HTML5 vs Native Applications
Should you make the radical shift to building cross platform apps in HTML5 rather than using native code?
How to know if it's time? Today, there are two fundamentally different approaches to the development of apps for mobile devices — building "Native" apps and building HTML5 apps. What are the differences?
A Native application is one that has been coded and compiled for a specific platform (i.e. Apple's iOS, Android, etc.). All the apps that you can download from the iTunes App store or Google Play store for Android are "Native" applications. The native apps for iOS devices are built using a programming language called Objective C using development tools provided by Apple. Apps for Android are written in a completely different programming language called Java using standard Java tools.
During TechCrunch's "Disrupt" conference, Facebook founder Mark Zuckerberg shared with a panel that his company had "wasted" two years by developing its mobile applications using HTML 5 and not Native. Other organizations have been abandoning Native for HTML5. The choice is one that most organizations will face, so which should you choose?
Building native-code applications for both iOS and Android has two primary drawbacks:
- Effort/Cost to support multiple platforms:
- It requires double the work to build your app for two entirely different platforms.
- Apps will not work on less popular platforms like BlackBerry and Windows mobile.
- Native apps also have to be maintained twice-over and updated along with the two frequently-changing operating systems.
- Android, though a single platform, is very fragmented in composition — this can make creating a uniform user experience a challenge across Android devices.
- There exists a wide range of Android screen sizes.
- Hardware manufacturers customize Android for their specific devices.
For example, an LG Android 4.1 device is not necessarily equivalent to a Samsung Android 4.1 device.
- There are multiple versions of Android Operating Software currently available.
New versions of Android cannot be installed on old devices.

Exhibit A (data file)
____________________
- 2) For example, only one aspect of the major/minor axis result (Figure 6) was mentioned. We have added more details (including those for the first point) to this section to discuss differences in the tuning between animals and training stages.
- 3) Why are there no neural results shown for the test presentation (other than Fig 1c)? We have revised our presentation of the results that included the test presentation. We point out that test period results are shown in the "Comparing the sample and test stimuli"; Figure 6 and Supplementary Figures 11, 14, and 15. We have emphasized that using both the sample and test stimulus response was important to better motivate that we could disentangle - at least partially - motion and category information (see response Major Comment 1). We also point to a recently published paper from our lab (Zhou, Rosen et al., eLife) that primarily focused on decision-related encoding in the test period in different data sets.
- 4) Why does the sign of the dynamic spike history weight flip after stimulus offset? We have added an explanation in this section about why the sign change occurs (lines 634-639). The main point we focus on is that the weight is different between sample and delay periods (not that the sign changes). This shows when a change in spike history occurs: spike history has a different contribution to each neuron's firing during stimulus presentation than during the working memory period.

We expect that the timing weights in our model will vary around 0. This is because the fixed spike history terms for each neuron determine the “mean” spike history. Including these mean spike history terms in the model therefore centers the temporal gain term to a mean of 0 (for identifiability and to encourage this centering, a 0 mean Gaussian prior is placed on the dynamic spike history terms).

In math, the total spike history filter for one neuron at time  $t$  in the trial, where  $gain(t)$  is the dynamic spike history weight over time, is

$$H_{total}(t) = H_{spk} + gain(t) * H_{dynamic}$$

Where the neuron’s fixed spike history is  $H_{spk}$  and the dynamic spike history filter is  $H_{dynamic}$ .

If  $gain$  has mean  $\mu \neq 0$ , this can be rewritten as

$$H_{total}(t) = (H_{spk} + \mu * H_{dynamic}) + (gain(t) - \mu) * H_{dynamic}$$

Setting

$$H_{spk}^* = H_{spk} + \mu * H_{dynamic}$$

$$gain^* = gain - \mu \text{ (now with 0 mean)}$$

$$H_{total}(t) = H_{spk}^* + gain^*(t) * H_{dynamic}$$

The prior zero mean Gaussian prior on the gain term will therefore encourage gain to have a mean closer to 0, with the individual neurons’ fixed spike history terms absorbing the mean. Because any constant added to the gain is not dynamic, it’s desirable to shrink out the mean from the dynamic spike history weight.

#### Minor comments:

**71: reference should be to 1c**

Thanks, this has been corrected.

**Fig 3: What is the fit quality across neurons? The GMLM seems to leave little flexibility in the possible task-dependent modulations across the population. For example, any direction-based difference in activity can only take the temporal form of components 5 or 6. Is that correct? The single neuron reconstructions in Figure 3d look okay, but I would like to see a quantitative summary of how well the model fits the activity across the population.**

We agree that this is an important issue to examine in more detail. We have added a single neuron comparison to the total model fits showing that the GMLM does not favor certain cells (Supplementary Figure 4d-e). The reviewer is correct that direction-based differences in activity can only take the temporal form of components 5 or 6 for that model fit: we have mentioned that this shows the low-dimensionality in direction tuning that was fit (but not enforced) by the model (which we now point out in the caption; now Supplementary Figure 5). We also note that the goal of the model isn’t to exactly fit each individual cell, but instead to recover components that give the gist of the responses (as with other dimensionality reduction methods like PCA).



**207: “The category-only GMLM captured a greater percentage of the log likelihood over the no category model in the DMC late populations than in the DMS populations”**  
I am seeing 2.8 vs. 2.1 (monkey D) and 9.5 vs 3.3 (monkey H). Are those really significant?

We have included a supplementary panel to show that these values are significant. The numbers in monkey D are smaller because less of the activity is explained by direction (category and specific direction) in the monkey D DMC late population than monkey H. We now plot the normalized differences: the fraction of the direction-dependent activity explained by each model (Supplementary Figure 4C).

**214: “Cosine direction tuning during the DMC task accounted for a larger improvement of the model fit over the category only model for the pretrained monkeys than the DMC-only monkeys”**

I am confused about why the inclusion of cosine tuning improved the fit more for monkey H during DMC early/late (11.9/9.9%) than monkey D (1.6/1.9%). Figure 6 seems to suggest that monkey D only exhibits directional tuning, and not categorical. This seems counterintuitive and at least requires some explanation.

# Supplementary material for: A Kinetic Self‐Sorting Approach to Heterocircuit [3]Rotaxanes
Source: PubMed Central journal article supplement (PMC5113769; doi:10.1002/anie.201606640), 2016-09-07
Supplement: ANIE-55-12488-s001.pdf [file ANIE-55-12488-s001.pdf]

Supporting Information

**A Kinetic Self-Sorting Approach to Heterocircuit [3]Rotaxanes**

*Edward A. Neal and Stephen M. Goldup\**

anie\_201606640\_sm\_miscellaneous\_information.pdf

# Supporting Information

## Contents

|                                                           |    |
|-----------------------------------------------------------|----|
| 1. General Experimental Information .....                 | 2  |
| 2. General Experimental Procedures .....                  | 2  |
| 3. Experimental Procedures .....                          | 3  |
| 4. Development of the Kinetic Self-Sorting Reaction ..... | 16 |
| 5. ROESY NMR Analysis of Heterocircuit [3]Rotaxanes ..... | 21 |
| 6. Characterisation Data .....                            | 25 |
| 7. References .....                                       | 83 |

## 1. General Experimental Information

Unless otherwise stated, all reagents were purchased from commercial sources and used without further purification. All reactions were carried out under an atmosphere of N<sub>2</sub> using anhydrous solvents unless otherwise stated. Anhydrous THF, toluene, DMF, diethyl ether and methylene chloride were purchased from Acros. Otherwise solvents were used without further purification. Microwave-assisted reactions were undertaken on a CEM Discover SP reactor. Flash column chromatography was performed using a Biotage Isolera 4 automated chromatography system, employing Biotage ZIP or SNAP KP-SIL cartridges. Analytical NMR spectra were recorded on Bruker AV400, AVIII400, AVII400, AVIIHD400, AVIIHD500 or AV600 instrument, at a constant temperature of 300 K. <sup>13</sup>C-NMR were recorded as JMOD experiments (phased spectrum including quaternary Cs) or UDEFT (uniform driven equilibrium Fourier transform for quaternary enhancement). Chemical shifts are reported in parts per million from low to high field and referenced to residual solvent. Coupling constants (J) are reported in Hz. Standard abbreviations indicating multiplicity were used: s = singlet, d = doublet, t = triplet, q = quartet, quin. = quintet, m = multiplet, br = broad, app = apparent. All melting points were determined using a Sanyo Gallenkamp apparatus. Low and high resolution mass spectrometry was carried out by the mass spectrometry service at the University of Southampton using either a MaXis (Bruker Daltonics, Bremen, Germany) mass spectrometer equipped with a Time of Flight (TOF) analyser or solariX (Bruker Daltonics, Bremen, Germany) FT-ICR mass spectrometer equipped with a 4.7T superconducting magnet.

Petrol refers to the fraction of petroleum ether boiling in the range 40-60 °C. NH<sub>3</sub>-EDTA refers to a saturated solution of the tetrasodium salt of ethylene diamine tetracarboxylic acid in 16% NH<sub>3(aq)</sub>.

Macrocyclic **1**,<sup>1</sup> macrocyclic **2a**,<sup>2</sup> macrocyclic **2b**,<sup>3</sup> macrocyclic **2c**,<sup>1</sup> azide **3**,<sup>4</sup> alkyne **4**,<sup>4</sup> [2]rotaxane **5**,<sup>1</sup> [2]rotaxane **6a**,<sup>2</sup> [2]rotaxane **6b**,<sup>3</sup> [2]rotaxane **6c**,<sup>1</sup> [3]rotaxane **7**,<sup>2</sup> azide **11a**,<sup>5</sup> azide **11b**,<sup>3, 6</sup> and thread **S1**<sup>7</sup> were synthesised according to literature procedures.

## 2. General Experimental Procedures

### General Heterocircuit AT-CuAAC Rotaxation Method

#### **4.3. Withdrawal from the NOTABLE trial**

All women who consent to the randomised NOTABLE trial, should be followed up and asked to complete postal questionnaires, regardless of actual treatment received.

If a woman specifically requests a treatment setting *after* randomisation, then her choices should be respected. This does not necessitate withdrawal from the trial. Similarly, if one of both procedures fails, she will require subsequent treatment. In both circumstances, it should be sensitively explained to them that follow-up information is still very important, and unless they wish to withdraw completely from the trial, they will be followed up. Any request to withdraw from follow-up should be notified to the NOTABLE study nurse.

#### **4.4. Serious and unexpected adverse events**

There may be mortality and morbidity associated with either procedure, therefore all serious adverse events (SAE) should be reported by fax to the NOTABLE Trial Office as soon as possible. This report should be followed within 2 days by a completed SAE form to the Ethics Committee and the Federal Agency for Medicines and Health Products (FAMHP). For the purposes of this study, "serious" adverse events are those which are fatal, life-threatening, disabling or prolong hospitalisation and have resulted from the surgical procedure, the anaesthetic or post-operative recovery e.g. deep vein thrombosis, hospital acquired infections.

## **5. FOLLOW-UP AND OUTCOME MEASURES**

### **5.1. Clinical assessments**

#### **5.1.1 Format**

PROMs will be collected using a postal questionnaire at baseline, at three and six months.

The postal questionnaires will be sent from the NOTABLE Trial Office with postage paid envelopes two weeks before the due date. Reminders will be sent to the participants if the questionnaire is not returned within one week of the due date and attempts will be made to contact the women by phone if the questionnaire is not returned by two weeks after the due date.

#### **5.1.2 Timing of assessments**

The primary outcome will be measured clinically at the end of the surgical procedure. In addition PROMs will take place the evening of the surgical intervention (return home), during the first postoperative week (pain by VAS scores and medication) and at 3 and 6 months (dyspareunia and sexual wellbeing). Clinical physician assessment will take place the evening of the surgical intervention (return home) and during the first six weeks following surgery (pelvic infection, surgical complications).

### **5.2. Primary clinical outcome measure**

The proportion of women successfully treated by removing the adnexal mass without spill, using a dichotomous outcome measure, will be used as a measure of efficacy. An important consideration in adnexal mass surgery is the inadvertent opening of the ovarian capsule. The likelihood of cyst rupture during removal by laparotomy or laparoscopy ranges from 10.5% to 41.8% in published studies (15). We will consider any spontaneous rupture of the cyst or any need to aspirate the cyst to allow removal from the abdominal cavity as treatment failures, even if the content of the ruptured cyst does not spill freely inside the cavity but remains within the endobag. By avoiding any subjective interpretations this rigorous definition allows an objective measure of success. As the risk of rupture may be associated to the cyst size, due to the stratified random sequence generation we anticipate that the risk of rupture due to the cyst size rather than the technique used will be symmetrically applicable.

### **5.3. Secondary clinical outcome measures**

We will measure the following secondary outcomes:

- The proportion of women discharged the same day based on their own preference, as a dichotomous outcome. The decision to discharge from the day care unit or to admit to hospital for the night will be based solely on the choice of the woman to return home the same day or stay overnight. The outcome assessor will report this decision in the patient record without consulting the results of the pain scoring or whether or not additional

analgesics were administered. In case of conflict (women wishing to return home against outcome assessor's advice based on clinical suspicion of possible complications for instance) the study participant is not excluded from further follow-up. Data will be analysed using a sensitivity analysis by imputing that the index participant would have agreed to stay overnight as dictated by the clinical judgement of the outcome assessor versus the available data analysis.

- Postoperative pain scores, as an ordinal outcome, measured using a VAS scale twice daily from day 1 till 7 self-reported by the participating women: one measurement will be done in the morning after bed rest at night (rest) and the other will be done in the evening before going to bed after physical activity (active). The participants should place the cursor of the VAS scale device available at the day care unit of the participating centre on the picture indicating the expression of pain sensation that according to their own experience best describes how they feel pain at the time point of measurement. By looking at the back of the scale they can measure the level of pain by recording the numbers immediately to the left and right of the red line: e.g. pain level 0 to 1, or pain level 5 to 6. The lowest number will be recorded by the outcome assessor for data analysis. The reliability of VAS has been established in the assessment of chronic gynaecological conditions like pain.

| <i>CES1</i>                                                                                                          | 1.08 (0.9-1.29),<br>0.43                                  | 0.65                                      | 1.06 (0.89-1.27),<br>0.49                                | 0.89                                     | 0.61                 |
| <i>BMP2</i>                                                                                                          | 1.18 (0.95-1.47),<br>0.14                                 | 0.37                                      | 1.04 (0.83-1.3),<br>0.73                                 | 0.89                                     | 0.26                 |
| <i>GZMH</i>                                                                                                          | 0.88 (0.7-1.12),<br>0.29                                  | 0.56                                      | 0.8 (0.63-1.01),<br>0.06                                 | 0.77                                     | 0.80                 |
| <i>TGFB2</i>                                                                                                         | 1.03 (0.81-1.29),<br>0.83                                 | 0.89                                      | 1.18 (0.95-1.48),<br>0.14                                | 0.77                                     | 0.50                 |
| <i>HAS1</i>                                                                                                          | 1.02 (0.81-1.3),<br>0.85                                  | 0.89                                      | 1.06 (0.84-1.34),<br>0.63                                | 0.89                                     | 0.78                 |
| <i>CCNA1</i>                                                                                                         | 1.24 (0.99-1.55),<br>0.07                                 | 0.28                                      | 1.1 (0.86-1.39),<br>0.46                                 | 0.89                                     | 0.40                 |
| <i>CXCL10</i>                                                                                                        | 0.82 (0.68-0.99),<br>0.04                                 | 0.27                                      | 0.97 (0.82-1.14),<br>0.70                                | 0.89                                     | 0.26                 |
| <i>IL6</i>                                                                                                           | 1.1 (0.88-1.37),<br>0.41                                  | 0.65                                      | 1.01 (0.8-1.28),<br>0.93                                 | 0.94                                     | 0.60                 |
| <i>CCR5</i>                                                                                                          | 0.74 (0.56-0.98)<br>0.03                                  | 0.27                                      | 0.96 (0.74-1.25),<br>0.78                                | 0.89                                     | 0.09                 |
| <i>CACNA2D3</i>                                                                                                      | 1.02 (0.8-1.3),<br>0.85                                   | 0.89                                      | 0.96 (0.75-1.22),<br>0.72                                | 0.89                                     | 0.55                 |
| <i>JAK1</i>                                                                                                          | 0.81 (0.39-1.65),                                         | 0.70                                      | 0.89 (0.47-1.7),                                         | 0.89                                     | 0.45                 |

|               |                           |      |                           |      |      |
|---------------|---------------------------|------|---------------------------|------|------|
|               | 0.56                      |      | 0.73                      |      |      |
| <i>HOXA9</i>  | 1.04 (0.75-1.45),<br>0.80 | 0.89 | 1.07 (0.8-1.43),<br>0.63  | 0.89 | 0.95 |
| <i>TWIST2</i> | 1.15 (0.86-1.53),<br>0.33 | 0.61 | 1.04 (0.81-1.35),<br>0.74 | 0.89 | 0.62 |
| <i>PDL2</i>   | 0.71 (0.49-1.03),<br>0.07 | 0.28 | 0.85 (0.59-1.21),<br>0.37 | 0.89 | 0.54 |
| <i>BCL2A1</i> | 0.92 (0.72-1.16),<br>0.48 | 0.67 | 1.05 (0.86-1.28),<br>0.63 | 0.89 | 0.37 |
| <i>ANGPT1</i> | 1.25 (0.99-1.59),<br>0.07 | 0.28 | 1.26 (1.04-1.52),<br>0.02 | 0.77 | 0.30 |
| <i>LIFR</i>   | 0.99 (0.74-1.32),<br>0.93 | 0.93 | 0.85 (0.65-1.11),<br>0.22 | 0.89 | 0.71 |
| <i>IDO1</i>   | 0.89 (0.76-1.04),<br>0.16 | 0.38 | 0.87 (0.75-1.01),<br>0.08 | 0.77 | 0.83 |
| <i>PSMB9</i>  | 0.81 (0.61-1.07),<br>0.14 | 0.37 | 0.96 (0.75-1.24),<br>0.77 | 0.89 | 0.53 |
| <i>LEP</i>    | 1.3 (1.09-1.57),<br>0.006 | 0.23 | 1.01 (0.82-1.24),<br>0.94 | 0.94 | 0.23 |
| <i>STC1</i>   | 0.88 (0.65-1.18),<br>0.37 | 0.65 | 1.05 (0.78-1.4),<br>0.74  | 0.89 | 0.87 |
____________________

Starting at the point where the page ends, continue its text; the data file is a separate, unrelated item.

- Apple Application Store terms and restrictions:
- iOS apps can only be deployed through the Apple App store which has numerous and changing restrictions and revenue sharing associated with it. Also, if you want to run advertising in your app, Apple requires that you use their advertising platform which, while robust, is still restrictive.
- Due to the Apple approval process for all apps, you must plan for a multi-week waiting period each time you launch or update an app.
- While these business limitations apply to iOS and not to Android, given that iOS represents over 33% share of the devices and a much larger share of app usage, you are almost certain to have to deal with Apple devices if you want to release mobile apps.
In contrast, HTML5 Apps:
- Allow you to create a single "App" that can work across all 4 of the top smartphone platforms.
- You can use many of the same skills your team needs to have to build browser-based sites.
- Can be deployed right from your web site with no dependency on Apple.
- You can update the app at any time with no waiting period.
- You have no business restrictions as you have with Native iOS apps.
- You pay royalties to neither Apple nor Google
- Effectively address Android's fragmentation problem
- While you still need to test on different screen resolutions, you will encounter far fewer devices-specific problems.
So at first glance, it may seem that HTML5 apps overcome the most significant downsides of native apps and should be used in their place. However, HTML5 apps also have some important limitations compared to "native" apps. We recommend that you carefully review the limitations below in the context of your own application because their impact maybe huge or insignificant depending on what type of app you are trying to create and how you are trying to market and monetize it.